Indicators

Segmented Cumulative UpVol-DownVol | Making of Trend Days

As traders we are always fascinated by trend days, for novices it a great day, for the ones who trade reversions to the mean, its dreadful.

In this post we look at what happens in the underlying stocks on Trend Days.

The indicator that we have chosen to analyse trend days is a % Cumulative Upvol-Downvol for a Segment of Stocks. There are three segments of stocks that I have taken.

Segment 1 - Top 10 Stocks By Weightage - Constituting (60%) - Solid/Red/Green - Top

Segment 2 - Next 15 Stocks By Weightage - Constituting (20%) - Dashed/Red/Green - Mid

Segment 3 - Next 25 Stocks By Weightage - Constituting (20%) - Solid Yellow - Bottom

So what do you see here?

a) You need the Top Segment to be trending.

b) If the Mid segment goes along with the Top good.

c) Bottom Segment unless makes a massive impact , does not really matter.

Figure 1 - 25th Feb’19

Figure 2 - 11th Mar’19

Figure - 3 - 5th Mar’19

Through the Looking-Glass, & what NiftyScalper found there | Market Internals - Part 3

This is the third and last post in this series,

Part 1 - Here

Part 2 - Here

**Read about what RSI is over here

In this post we will look at the good old RSI Indicator which has been re-purposed to be used as, both a trend indicator and an oscillator.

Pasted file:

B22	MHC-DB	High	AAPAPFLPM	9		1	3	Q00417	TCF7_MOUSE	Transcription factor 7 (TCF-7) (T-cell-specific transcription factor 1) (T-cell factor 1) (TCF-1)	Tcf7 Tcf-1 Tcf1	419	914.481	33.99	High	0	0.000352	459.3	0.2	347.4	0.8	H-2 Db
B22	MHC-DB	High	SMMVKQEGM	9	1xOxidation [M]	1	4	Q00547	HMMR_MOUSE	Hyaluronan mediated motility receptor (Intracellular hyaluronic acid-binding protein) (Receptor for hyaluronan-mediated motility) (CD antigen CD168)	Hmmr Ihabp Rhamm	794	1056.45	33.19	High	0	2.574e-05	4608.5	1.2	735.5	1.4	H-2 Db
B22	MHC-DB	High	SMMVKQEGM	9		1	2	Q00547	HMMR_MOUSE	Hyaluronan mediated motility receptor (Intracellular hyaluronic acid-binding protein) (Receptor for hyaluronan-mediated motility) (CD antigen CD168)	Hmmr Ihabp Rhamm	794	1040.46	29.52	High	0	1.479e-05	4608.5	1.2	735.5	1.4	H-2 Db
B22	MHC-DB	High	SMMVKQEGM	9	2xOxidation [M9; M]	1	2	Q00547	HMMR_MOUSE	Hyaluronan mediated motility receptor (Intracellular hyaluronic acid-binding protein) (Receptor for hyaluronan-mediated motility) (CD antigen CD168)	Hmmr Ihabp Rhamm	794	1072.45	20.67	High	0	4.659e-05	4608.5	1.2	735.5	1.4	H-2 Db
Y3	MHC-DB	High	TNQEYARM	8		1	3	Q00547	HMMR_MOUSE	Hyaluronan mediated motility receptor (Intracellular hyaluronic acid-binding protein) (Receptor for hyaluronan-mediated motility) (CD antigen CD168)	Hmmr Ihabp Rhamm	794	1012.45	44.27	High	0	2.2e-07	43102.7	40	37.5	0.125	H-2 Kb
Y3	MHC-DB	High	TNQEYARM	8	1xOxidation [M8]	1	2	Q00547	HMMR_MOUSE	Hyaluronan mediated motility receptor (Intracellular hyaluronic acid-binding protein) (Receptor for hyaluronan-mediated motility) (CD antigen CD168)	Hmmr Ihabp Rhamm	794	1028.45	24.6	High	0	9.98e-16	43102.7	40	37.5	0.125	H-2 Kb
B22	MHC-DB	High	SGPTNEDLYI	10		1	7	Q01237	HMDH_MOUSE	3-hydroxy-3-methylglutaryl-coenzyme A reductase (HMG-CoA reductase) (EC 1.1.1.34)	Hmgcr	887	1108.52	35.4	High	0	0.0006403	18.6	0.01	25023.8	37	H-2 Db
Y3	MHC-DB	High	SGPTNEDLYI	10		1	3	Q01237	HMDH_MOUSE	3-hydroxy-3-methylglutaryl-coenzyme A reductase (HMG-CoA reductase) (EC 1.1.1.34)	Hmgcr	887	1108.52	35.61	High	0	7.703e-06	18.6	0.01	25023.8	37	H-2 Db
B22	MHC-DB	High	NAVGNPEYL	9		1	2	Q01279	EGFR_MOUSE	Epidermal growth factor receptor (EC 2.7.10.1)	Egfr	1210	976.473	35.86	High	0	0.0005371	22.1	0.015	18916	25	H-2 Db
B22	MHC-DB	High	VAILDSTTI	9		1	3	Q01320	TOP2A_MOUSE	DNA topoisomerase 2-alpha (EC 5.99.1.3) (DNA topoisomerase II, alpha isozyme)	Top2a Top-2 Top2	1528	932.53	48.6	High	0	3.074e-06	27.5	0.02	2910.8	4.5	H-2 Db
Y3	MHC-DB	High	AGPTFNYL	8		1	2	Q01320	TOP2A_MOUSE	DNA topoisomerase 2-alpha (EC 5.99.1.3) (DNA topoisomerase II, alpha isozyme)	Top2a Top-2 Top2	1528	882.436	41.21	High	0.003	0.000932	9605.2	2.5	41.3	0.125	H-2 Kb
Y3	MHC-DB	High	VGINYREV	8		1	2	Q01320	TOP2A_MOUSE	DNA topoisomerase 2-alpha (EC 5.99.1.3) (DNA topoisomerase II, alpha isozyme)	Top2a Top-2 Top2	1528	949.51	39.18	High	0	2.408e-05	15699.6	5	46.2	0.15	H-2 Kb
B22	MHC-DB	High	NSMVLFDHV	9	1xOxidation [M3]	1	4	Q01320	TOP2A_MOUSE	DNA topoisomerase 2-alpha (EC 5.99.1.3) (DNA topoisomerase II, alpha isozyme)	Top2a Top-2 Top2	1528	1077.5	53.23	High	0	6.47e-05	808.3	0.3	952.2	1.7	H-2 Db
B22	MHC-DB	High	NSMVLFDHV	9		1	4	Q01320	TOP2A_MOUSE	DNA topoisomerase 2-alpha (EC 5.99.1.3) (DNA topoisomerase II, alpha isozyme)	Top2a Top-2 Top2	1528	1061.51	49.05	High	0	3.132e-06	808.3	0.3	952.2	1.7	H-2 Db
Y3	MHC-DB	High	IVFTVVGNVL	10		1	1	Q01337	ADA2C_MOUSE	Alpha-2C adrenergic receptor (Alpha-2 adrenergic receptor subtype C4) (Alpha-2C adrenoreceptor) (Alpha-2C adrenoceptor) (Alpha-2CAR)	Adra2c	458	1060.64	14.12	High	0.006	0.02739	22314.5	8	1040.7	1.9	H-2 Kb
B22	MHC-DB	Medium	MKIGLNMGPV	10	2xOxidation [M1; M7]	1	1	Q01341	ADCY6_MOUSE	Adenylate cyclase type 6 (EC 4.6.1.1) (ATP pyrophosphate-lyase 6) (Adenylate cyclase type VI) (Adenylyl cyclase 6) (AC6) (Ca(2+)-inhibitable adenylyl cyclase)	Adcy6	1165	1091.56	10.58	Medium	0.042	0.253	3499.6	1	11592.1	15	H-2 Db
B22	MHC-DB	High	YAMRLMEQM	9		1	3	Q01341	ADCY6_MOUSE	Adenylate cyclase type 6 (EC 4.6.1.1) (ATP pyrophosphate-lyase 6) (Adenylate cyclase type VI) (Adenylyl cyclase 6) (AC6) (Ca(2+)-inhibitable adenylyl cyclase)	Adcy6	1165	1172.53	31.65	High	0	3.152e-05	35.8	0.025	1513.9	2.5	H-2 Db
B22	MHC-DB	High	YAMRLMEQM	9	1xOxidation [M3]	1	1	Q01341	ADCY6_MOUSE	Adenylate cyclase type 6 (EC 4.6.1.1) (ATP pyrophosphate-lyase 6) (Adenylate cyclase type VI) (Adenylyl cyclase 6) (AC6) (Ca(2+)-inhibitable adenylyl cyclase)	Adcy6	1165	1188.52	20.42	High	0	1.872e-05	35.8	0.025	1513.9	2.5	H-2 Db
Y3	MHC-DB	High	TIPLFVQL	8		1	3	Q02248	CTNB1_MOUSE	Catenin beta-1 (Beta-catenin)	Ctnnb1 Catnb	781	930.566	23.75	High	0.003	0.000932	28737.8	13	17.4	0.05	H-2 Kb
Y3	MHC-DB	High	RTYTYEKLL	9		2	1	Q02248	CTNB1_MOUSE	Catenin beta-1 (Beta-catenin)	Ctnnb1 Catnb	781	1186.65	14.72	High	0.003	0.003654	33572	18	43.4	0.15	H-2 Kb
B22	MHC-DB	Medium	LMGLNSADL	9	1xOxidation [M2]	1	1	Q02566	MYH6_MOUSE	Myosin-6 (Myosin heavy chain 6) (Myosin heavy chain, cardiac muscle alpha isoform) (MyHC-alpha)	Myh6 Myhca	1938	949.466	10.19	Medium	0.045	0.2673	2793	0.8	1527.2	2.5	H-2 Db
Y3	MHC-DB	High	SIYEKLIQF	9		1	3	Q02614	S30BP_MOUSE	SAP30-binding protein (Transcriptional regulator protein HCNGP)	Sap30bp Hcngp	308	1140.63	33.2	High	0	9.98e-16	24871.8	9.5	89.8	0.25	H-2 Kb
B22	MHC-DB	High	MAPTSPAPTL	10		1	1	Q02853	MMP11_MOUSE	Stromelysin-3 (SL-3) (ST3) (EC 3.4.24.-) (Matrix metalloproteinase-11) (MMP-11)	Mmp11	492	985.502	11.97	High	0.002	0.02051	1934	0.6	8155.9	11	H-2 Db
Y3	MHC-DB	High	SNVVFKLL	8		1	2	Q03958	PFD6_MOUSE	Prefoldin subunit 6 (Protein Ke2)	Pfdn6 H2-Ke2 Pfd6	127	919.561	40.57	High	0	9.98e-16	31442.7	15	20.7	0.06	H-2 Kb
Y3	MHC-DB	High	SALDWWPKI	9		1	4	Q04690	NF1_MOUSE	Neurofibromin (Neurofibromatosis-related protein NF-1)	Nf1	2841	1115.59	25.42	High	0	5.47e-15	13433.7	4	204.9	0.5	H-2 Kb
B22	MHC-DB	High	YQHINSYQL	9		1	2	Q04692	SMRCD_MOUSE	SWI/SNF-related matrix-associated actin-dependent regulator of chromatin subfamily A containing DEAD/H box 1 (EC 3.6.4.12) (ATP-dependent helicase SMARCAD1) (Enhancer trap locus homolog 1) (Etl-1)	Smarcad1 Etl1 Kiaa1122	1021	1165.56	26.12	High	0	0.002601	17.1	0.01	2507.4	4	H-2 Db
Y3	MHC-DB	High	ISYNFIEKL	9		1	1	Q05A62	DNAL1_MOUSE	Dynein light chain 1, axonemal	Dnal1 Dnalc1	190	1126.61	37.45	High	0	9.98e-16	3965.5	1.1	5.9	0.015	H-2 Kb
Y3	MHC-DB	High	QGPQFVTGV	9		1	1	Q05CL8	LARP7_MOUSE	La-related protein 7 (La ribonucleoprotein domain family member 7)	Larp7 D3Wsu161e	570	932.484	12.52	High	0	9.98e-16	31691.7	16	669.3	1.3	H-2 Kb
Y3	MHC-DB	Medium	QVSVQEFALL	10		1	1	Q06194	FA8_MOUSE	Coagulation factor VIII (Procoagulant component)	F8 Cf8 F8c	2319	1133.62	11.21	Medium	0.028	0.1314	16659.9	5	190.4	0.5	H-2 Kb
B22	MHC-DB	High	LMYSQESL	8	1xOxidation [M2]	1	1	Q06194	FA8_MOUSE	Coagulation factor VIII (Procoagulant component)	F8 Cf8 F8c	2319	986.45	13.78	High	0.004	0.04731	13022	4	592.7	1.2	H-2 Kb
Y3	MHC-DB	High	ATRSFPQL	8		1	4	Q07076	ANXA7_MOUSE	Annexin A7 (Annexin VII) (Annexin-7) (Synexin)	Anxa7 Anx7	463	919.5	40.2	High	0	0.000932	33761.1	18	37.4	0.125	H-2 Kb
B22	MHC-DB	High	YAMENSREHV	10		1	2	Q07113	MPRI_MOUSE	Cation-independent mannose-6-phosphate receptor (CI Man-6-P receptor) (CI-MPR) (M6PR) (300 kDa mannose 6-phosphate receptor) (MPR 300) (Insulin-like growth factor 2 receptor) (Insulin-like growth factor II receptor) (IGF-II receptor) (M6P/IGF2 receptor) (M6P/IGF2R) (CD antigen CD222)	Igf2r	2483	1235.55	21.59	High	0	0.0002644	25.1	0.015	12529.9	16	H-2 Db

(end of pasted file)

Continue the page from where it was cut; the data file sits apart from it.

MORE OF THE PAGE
The math - We took the top 25 stocks (by weight-age) of NIFTY 50 and Averaged their RSI Value. So we have a Average RSI of the top 25 stocks vs. RSI of NIFTYFUT or RSI of 50 Stocks. Since the 25 stocks have close to 80% weight-age the cross over of the Average RSI and NIFTY RSI acts as a trend Indicator.

Notice the RED colored (NIFTYFUT RSI) Crossing over the Yellow Dotted line of (Average RSI).

We also back-tested for ideal Oversold and Overbought levels - you will see it marked with Blue colored markers in the images below. Typically a RSI Absolute Difference of 10 - 12 i.e (NIFTY RSI - Average RSI)

So here you have a Market Internal based Trend Indicator + Oscillator all built into one since indicator.

There are several other setups for trading pullbacks using this indicator, but thats for another day..

Please do not ask for the RSI Period settings on this one, but its no rocket science. Also, at NiftyScapler we don’t use any of these three indicators in Isolation.

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Behind the ‘veil’ of Price | Indicators that signal market microstructure dynamics | Part 3 of 4

Part 1

Part 2

In this part we will explore the third indicator that I use which helps us in understanding the dynamics that happens in the Limit order-book before large moves, in a way this is one those “predictive” indicators as it signals oncoming volatility a few minutes before it actually does – The Average Bid-Ask Spread.

In the slack room, I call it SOS – No not “Save our Ship” but “Spikes on Spread” – Which indeed is an SOS signal if you have any positions on, as it signals one to be alert.

Before we get to the mechanics of this indicator, one needs to have a basic understanding of how the Limit Order book (LOB) works.